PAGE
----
(c) Temple of Apollo at Eretria in Euboea - pediment (end of 6th century) -Theseus is shown again lifting Antiope into his chariot (over life-size group). The complexity of action and posture demonstrates the liberties sculptors were prepared to take with archaic conventions in the context of gable-structure. The execution is elaborate almost to the point of fussiness or mannerism, in strange contrast to the bold strength of form and movement. The rare story, part of the new Athenian Theseus legend, is briefly popular on Attic vases at just this time. Ath. and Eretria -2 cities of west of Aegean only which sent help to the Ionians in their ill-fated revolt of 498 against the Persians, and were the object of Persian vengeance in 490. The 2 cities were evidently closely linked; and one might possibly see, in the apparent contradiction here between structure and detail, an Athenian artist's design executed by craftsmen trained in another tradition. Also upper torso of Athena, who occupied the centre of the gable. Theseus and Antiope are finely finished all round; but the back of Athena is left rough (an important document for archaic technique) and she clearly stood in the old formal kore-pose. One might be surprised to find Athena dominating the pediment of a temple of Apollo. It was the rear gable, but in any case the Greeks seem to have been less concerned than we should expect to relate the decoration closely to the temple's deity. Athena bears on her breast here a huge Gorgoneion, which perhaps deliberately recalls the terror-mask at the centre of early pediments; but the goddess is present here probably as part of the legendary scene: the hero's divine helper -cf near-contemporary Attic cup (Theseus in Amphitrite's underwater palace, Athena assisting -ARFV -Onesimos).

(d) Temple of Aphaea on Aegina, dedicated to Aphaea, a local deity associated with Artemis rather than Athena. (See other notes}

ARCHITECTURAL SCULPTURE

1. Temple of Aphaia on Aegina (Aphaia = local deity associated with Artemis rather than Athena.) Sculptural work on this temple is clearly on the border of archaic and classical (therefore probably first quarter of Sth century BC). The temple was Doric. It had acroteria (at the centres elaborate florals supported by small korai, sphinxes at the outer angles); metopes not carved but perhaps painted panels; and marble pediments, each with a battle, Athena in the centre. Almost certainly these illustrate the two sieges of Troy: by Heracles over the east front and the Homeric in the west. Heracles was accompanied by Telamon, an Aeginetan hero whose son Ajax was prominent in the 2nd siege. The style of the west is pure archaic and distintively earlier than that of the east. The example of the Delphic treasuries shows that it is not safe to assume that it is actually earlier in date, but it probably is so. There is evidence that the present east gable is a replacement, made very soon, for another, likewise with a battle, which seems then to have been set up on a base in the sanctuary, its centre acroterion also. The remains of these figures resemble the present west pediment in style. This raises questions at present unanswerable, and complicated by the existence of a second long base in the sanctuary which seems to have supported a pursuit-scene (possibly Zeus and the nymph Aegina on whom he begot Aiakos (or Aeacus), Telamon's father); and this might have been a first west pediment. Final versions only to be considered here.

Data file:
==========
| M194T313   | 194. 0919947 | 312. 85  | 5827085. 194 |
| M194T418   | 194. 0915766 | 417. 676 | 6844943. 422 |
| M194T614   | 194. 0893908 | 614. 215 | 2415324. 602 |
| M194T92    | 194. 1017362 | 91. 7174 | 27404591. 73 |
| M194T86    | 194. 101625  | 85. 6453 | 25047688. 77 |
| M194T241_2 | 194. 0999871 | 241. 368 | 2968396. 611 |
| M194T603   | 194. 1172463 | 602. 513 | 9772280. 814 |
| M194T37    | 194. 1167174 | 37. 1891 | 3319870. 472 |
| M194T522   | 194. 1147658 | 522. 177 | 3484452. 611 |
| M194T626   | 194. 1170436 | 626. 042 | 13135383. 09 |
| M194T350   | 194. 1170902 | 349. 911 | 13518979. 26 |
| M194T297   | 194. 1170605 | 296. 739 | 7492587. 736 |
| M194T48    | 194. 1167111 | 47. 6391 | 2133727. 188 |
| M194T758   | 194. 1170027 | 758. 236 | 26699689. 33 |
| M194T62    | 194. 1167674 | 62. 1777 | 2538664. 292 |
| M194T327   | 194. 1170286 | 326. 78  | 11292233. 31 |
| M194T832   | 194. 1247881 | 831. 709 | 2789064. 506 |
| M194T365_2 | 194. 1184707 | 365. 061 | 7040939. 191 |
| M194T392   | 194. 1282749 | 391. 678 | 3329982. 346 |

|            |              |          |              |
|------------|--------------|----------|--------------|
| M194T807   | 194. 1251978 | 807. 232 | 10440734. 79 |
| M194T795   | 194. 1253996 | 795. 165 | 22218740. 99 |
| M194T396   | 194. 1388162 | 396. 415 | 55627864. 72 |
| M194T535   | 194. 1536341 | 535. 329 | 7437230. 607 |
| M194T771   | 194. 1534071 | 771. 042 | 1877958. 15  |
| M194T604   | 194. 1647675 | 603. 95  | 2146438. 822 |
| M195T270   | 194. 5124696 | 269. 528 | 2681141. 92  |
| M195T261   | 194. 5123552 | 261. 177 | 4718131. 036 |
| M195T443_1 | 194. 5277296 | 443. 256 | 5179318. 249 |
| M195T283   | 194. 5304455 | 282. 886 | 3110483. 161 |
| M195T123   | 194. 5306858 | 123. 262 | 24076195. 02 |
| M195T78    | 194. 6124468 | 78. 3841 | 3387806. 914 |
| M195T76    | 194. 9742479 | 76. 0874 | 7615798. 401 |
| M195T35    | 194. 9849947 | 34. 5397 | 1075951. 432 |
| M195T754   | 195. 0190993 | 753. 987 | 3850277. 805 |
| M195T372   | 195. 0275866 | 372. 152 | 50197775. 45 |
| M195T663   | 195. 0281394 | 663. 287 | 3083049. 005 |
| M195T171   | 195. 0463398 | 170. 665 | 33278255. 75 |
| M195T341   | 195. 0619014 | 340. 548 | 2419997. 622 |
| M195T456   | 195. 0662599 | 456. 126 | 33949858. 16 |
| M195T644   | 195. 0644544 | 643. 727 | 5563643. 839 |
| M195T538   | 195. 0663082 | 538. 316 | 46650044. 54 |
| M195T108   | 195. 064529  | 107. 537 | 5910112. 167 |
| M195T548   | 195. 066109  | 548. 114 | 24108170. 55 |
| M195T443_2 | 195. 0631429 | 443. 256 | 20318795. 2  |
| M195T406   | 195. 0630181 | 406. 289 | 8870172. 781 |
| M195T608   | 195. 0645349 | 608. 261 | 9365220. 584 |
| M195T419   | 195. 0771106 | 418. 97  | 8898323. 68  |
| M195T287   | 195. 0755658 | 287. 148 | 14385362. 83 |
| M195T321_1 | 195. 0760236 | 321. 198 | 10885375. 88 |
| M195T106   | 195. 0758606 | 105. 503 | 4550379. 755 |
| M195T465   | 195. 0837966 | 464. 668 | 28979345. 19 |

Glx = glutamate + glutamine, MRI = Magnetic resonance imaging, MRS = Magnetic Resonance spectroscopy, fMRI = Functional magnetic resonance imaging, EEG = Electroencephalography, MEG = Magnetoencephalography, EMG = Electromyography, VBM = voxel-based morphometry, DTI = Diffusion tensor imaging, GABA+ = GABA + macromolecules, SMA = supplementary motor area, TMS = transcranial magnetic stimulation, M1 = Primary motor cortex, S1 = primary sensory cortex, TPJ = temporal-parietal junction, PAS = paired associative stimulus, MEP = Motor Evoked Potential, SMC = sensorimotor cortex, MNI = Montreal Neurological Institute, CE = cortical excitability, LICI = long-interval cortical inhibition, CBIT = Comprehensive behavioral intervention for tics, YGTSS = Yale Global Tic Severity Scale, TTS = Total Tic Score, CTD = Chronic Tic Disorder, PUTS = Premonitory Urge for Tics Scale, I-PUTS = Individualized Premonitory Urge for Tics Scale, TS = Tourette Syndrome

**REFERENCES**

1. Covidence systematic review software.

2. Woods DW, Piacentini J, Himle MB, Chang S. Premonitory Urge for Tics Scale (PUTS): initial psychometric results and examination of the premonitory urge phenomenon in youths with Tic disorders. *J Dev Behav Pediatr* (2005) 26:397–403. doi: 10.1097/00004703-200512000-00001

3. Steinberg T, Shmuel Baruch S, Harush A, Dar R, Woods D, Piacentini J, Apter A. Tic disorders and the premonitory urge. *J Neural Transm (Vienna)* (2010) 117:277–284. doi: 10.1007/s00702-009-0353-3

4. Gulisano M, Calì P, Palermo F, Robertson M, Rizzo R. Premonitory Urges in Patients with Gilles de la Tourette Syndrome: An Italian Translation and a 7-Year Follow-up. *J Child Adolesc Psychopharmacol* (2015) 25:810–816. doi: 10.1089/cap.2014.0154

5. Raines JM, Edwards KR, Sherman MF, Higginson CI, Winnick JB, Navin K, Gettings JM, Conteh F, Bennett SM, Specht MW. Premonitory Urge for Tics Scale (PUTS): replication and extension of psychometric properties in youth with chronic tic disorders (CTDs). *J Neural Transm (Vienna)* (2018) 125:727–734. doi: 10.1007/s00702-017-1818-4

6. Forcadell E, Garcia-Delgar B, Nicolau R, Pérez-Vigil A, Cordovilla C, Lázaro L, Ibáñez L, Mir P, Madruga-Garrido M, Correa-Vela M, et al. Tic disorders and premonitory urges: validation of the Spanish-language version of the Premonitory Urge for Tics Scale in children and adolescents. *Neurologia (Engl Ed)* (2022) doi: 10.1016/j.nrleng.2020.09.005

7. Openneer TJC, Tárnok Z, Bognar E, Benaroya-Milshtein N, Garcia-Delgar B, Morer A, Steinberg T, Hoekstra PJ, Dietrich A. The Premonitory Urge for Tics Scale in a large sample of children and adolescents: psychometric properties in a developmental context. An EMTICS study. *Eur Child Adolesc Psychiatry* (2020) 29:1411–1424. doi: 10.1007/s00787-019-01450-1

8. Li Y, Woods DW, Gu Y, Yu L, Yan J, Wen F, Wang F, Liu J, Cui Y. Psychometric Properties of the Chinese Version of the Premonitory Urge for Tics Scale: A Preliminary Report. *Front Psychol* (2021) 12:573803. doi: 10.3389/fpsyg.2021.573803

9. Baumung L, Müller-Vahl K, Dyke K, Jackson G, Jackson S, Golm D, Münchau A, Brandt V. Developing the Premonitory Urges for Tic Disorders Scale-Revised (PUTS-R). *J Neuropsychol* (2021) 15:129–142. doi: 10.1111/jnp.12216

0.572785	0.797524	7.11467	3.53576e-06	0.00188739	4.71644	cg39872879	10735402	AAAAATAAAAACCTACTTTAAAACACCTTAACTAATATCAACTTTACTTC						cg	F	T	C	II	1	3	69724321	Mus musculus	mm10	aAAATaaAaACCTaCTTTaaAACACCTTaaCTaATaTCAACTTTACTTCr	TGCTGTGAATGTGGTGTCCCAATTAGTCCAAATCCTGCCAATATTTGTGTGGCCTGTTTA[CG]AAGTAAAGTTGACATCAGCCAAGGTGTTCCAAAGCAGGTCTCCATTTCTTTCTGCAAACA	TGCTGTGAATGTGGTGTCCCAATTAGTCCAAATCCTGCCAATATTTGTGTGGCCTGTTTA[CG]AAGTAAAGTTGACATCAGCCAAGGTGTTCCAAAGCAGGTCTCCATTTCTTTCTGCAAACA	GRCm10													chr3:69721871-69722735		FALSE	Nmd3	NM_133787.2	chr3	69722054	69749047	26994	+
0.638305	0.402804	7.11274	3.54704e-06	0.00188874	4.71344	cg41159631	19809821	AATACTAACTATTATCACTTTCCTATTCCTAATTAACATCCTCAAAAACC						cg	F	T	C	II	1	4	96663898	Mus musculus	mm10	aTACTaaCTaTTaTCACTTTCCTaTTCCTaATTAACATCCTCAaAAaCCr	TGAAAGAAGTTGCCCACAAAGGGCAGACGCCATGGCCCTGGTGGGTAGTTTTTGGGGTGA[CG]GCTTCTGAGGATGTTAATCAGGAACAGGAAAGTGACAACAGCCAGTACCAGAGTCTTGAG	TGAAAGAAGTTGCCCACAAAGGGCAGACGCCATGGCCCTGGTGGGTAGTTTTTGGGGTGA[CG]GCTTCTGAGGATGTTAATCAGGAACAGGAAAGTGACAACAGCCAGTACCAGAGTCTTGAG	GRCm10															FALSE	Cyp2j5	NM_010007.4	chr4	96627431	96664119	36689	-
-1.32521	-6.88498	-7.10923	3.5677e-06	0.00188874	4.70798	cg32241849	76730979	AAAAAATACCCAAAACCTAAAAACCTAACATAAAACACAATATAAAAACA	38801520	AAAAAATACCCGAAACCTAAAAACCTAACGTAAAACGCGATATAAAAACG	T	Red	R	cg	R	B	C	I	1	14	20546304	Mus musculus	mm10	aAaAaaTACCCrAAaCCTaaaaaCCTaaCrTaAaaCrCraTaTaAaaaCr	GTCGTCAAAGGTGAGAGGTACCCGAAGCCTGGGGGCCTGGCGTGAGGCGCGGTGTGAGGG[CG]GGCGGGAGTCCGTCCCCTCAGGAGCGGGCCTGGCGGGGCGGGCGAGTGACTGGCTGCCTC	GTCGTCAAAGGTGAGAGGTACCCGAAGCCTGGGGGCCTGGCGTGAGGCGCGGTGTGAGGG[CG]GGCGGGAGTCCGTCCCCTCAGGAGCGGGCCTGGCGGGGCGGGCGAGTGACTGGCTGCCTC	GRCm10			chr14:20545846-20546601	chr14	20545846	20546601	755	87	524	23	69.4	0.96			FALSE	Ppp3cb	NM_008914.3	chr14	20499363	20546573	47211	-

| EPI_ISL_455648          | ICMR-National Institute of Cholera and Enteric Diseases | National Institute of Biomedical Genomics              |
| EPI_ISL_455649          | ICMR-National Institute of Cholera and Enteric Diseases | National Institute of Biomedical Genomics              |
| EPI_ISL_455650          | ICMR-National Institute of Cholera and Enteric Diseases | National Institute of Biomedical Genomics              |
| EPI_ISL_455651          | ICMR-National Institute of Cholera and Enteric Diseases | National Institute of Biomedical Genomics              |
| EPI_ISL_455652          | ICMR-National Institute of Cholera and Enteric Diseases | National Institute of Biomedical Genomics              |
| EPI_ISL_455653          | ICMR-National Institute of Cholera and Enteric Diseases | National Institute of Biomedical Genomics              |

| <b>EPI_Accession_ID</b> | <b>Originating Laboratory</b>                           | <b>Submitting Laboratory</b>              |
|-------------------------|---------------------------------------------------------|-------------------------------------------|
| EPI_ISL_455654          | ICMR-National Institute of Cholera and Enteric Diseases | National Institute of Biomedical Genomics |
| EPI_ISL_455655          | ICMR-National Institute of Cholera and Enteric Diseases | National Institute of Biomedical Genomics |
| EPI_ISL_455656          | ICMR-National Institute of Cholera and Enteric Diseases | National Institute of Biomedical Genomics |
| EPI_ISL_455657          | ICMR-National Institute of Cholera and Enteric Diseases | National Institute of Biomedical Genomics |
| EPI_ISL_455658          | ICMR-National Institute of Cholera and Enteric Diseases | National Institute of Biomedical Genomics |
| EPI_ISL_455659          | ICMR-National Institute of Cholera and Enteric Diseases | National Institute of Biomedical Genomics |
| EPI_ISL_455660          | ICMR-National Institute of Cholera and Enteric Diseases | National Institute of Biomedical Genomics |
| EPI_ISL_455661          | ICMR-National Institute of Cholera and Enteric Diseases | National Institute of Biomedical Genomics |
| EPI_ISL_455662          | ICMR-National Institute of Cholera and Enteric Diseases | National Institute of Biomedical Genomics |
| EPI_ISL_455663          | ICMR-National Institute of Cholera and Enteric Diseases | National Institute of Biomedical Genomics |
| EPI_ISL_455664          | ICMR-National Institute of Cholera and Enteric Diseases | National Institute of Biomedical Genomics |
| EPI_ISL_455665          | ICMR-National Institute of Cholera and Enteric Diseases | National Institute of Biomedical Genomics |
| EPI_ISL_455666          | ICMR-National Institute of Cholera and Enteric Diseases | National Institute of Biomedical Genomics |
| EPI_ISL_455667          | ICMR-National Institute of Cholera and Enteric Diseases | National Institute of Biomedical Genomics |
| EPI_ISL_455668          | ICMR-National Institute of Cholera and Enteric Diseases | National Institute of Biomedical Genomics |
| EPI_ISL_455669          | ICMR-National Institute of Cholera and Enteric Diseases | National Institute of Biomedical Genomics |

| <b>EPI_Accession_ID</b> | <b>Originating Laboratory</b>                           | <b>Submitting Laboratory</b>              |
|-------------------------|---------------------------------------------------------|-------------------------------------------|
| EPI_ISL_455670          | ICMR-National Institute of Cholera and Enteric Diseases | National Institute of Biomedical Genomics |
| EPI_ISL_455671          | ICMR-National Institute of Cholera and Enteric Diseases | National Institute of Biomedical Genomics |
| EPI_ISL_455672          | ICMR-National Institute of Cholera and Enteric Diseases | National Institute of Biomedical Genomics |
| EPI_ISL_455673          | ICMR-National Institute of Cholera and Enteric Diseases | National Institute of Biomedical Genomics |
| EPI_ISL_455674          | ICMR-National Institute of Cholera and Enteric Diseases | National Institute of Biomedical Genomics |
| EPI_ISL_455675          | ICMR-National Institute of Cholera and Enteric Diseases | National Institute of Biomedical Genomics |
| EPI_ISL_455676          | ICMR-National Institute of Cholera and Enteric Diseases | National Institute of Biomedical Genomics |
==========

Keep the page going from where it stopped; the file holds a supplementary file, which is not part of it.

The Athena of the west stands almost as a kore, only her left foot is turned to the side. The battle rages on either side of her in two self-contained halves which balance each other closely: a combat; an archer shooting towards the angle; a crouching figure despatching a fallen one; a figure, his head towards the angle, struck down by the bowman's shaft; and beyond him, in the corner, gear (a shield, a helmet). At a glance the design of the east looks similar, but it is both less crowded and knit more subtly into a whole. Athena (largely lost) moved to her left, aegis stretched out before her. In the combats on either side of her the outer figure falls back and another bends swiftly forward to support him. The archers face inwards, shooting across the composition into the opposite angle where the stricken victim lies, his feet towards the corner. The figures on the west still wear the archaic smile. It has faded from the lips of those in the east, and the dying man on the right has his teeth bared and one eye half closed; a kind of realism found in some late archaic and early classical vase-painting and sometimes in sculpture too. Many of the figures were excavated in the early 19th century and acquired by Ludwig I of Bavaria, for whom some were heavily restored and arbitrarily grouped by the neoclassical Danish sculptor Thorwaldsen. At the end of the century Furtwrangler made a new excavation, finding many more pieces, and he went far towards recoving the compositions on paper. Lately Ohly excavated further and also removed Thorwaldsen's restorations, and succeeded in arranging the surviving remains in what must be very close indeed to the original scheme. In particular the shooting Heracles from the east illustrate the beauty of these carvings. Most pedimental sculpture has a weighty, massive character. The sinewy elegance of these figures is unusual, and has perhaps to do with the fact that the Aeginetan sculptors are recorded as preeminent in bronze-fine bronze head from Acropolis of Athens very similar to the gable-figure (in style).

2. Temple of Zeus at Olympia (470-457 BC) - Pediments -The gods in the central position are some 10' high and all the figures well over life-size (cf the metopes -c 5' wide and only a little higher, so the relief figures are under life-size). None is completely lost, and many are quite well preserved; and we can get a good idea of the overall composition of each pediment. On the east pediment the composition draws its inspiration from the myth of the chariot race between Pelops and Oenomaus. We see all the characters of the drama just before the beginning of the race; the two teams, Oenomaus and Sterope on the one side, Pelops and Hippodameia on the other, and next to them, the chariots and charioteers. Between the 2 teams, the imposing figure of Zeus forms the axis of the pediment. The "severe harmony" has never found a more appropriate aesthetic form; the vertical lines of the characters and the spears create a ponderous, hieratic atmosphere of tragedy in the centre of the composition, while on either side the chariots and the kneeling or reclining figures act as a frame, thus strikingly combining 2 elements that not only function differently, but antithetically (vertical v horizontal); there is the same antithesis between the broad, clear surfaces of the central figures, which are conceived idealistically, as superhuman beings, and the realistic gestures and postures of the secondary figures. The west pediment depicts a Centauromachy during which the Centaurs, invited to the wedding of Peirithous, a Lapith hero, get drunk and try to abduct the bride, Deidameia, and the other women present. This composition differs totally from the one on the east pediment. The incomparable figure of Apollo in the centre is the only one to maintain the vertical majesty of divine quietude; on his left and right, we see Theseus and Peirithoos, and then groups of Lapith men and women grappling with centaurs, in a rhythmical and impetuous alternating movement, literally caused by opposite tensions, as it fluctuates incessantly from the centre to the two ends and back again, like the ebb and flow of the sea. The scenes depicted here are unequivocally violent, and the antithesis between the smooth virginal beauty of the girls and the bestial deformity of the Centaurs remains unbridgeable. The contrast between the pediments is quite obvious to the spectator. On the east pediment, everything has come to a standstill, as if with suspended breath; forces are poised in expectation of the tragic conflict. On the west pediment, the conflicting forces have come to grips and are now locked in deadly combat. And yet both pediments are but a supreme expression, in plastic terms, of the tragic element. The power of tragedy is equally perturbing in both; it is only the expression that differs, in its selection of a different phase in the drama. On the east pediment everything forebodes the coming catastrophe; the bride, who has broken away from her father's group to take up her position at her future husband's side already announces its outcome. On the west pediment, the imposing figures of the two heroes standing on either side of the great god of light, assure us that they will victoriously oppose the criminal violence of the Centaurs, with the help of the blessing expressed by the god's outstretched hand. "In the quiet scene (of the east pediment) every figure, with the exception of the chariot-horses, is designed and carved as a separate statue. On the west, between the still central figure and those reclining in the angles, the strugglers are divided into 3 groups on each wing: 2 groups of 3 figures each separated by a short one of two. These groups are wholes, within which most figures cannot be detached either in execution or design from the others. Exceptions are the 2 heroes in the groups nearest the centre."